It’s unlikely that anyone who’s old enough to smoke is blind to the dangers of cigarettes. Packages have included warnings since 1965, but that hasn’t stopped people from continuing the habit. A new study from Stanford University reveals that people understand the risks, but they dismiss the possibility that they’ll be affected.
“Most current smokers, former smokers, and never-smokers considerably underestimated the relative risk of smoking,” the study authors write. Previous research has measured perceptions of risk, though the researchers from this study note the limitations and attempt to figure out what causes people to underestimate risk. So, they conducted three different surveys with messaging phrased in ways that measured absolute risk (chances a person has of getting lung cancer from smoking), attributable risk (how much smoking raises the risk of someone getting lung cancer compared to those who don’t), and relative risk (how much more likely a person is to get lung cancer from smoking).
They found that most Americans overestimate the absolute risk and difference in risk of lung cancer from smoking cigarettes, but underestimated relative risk. “This evidence suggests that people may think more about smoking health risks in terms of relative risk than in terms of absolute risk or risk difference,” the authors write. Essentially, this means that people don’t fully realize the risk of smoking versus non-smoking.
What’s more, people who assessed a higher relative risk of getting lung cancer from smoking were less likely to pick up the habit and more inclined to quit.
“Telling people how many times that a person’s chances of getting lung cancer increase due to smoking may help the public make more informed choices,” said study co-author Jon Krosnick, a professor of communication and political science at Stanford, in a statement.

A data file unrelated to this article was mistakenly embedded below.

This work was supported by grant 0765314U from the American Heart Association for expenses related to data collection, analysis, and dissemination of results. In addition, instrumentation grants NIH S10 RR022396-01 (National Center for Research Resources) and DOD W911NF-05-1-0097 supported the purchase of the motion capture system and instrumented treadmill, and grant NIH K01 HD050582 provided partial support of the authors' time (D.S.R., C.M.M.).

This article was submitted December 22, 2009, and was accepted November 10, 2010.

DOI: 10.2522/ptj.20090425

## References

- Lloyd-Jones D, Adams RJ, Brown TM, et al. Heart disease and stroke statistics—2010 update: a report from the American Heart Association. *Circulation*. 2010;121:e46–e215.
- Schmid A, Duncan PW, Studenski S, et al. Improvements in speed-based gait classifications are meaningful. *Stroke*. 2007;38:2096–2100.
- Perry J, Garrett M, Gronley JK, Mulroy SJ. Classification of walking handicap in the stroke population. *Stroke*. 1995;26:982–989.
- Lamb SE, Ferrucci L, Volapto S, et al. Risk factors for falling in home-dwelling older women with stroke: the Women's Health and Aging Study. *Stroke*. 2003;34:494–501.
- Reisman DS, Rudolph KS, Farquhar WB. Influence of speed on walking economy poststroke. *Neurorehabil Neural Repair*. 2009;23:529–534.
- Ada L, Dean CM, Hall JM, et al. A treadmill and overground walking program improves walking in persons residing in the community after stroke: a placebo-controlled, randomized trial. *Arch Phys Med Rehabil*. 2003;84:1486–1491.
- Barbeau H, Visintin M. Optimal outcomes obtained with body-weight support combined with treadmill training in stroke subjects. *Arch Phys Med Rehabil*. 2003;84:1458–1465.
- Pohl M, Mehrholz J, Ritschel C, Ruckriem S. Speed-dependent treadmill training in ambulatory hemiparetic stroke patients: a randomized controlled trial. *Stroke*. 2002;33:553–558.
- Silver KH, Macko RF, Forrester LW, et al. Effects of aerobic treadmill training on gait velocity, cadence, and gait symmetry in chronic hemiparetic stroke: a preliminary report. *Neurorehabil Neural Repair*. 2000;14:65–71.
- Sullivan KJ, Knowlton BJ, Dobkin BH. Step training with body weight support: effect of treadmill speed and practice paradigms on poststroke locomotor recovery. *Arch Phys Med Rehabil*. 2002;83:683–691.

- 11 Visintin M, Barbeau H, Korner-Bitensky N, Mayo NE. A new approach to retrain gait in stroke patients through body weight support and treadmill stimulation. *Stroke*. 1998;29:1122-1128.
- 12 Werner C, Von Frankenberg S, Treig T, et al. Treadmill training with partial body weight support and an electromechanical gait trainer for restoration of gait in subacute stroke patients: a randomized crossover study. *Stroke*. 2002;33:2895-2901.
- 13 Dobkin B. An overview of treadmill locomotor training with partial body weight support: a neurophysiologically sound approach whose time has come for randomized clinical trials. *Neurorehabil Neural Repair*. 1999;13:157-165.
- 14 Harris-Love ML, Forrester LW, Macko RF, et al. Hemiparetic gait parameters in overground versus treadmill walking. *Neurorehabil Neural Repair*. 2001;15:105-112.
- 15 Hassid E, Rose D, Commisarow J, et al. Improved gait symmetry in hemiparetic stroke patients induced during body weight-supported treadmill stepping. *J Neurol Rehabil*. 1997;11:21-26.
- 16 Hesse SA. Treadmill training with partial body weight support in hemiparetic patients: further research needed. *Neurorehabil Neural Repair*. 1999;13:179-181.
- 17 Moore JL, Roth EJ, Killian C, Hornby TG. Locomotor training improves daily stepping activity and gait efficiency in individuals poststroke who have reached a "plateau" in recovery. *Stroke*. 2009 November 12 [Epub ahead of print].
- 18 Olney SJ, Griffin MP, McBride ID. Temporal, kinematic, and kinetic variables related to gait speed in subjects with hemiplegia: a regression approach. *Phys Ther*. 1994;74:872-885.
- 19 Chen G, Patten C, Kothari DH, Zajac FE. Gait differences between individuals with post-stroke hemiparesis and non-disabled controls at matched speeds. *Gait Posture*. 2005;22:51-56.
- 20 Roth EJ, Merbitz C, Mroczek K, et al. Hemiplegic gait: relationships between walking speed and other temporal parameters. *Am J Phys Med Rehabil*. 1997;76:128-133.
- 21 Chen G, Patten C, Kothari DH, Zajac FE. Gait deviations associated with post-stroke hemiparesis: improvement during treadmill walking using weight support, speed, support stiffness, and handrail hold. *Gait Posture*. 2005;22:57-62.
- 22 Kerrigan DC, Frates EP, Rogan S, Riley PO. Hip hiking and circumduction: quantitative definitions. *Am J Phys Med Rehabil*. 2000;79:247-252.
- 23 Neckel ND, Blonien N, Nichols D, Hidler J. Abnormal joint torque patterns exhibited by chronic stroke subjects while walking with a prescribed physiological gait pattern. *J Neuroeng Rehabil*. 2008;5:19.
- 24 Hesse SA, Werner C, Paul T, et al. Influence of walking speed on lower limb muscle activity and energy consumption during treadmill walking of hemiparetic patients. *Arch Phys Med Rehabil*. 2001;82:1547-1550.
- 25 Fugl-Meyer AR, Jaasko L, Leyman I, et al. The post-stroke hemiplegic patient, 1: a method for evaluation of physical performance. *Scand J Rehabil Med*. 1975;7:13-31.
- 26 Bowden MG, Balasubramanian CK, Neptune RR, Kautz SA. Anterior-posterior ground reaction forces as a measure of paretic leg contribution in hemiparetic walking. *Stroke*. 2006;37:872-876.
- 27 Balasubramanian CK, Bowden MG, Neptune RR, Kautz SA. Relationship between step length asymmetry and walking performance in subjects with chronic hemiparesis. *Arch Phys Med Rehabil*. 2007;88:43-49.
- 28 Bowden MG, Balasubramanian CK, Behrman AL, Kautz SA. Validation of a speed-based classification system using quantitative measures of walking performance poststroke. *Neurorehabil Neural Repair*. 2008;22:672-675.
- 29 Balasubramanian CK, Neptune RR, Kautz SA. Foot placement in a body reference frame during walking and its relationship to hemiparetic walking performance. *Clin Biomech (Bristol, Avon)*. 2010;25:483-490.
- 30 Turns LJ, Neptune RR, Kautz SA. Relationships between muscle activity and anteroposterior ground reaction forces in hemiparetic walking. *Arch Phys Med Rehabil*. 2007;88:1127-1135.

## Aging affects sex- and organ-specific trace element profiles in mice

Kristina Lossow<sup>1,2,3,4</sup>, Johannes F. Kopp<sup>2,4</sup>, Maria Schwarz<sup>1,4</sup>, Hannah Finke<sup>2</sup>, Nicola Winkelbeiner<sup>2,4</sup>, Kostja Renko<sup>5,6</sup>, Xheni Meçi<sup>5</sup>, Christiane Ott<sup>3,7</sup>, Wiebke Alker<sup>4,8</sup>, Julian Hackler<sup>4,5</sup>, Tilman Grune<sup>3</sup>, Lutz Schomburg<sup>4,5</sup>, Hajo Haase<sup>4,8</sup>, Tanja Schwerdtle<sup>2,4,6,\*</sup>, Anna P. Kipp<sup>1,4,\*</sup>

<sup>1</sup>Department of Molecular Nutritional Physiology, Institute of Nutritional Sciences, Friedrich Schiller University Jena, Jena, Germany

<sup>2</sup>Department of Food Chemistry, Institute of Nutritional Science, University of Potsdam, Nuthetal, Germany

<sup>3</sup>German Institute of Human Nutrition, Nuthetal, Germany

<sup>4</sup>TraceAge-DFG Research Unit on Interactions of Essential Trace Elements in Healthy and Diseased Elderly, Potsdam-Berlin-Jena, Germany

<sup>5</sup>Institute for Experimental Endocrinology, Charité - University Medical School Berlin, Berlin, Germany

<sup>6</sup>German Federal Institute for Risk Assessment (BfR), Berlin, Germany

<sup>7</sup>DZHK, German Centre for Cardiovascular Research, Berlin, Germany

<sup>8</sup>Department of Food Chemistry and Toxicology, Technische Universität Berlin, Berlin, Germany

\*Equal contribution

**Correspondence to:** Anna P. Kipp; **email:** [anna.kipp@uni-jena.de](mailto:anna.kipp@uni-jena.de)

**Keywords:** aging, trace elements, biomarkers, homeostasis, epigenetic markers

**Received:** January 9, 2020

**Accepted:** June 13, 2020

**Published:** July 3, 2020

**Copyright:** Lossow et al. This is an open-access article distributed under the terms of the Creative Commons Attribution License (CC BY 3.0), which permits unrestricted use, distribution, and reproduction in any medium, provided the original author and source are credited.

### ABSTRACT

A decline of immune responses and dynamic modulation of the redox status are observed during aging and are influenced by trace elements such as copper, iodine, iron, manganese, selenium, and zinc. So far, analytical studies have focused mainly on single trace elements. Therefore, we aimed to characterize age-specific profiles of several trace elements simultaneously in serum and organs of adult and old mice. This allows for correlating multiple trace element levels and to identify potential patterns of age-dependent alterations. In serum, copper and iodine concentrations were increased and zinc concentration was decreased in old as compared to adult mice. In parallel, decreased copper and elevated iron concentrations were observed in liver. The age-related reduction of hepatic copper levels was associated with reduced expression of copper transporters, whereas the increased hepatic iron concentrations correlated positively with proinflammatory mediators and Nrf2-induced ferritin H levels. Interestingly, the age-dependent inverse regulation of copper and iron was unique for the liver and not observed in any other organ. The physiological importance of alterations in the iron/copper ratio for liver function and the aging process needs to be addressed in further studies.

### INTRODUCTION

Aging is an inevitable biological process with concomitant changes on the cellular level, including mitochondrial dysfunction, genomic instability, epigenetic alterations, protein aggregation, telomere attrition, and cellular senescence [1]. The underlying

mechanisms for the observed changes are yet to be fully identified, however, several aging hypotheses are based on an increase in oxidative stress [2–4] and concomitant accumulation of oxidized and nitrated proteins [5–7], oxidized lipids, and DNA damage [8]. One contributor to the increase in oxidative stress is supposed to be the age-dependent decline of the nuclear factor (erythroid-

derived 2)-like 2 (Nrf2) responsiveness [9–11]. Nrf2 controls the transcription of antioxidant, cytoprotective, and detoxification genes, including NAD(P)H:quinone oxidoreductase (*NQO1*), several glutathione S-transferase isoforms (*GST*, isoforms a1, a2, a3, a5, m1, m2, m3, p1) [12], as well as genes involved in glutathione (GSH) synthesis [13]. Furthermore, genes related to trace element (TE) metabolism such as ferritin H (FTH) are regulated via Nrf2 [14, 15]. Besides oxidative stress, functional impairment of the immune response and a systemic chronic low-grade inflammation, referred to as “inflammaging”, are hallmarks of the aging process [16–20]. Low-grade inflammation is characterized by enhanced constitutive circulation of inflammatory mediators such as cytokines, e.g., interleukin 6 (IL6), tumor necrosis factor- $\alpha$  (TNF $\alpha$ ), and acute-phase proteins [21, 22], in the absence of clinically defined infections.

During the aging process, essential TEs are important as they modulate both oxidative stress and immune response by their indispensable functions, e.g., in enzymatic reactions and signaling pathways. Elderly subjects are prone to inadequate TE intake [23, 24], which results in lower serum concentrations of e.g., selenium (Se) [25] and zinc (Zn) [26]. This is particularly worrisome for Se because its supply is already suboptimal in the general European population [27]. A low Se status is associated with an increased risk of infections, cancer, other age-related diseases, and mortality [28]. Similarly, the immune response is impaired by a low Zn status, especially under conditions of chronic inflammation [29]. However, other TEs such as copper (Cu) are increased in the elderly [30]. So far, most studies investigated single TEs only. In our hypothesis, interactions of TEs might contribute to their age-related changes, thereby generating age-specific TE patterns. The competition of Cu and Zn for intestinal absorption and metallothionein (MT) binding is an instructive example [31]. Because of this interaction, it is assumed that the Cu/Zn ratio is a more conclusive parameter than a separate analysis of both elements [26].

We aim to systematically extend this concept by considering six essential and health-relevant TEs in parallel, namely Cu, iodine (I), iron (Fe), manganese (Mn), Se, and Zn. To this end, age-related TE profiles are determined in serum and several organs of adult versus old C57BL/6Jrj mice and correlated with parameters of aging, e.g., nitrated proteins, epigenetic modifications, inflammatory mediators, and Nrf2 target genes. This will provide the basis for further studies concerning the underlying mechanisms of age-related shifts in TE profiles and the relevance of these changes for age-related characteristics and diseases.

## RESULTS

Researchers believe that better labeling on packages could help educate consumers. In America, a generic warning says that smoking can harm your health, while other countries have more direct and explicit messages. According to the release, Australia’s packaging quantifies the risk with messages like, “Tobacco smoking causes more than four times the number of deaths caused by car accidents.”
Last year, The New York Times reported that Australia’s cigarette packaging was notably less branded and focused solely on the risks involved with smoking.
“There is nothing promotional about that pack any more,” David Hammond, associate professor at the University of Waterloo and advisor on various tobacco-control initiatives, told the paper. “It’s an unequivocal message that this is a dangerous product and not a lifestyle product.”
Instead, the packages contain graphic images of rotting teeth, oral cancer sores, and blunt messaging, such as, “Smoking kills.”
The Food and Drug Administration tried to adopt this practice in 2009, requiring more graphic labels to be introduced in 2012, however, their efforts were stymied by a lawsuit from cigarette manufacturers.
“The government can tell people how to live,” Floyd Abrams, a First Amendment specialist who represented the tobacco industry in the lawsuit, told Fox News in 2011. “But they can’t force people who sell tobacco to be their mouthpieces.”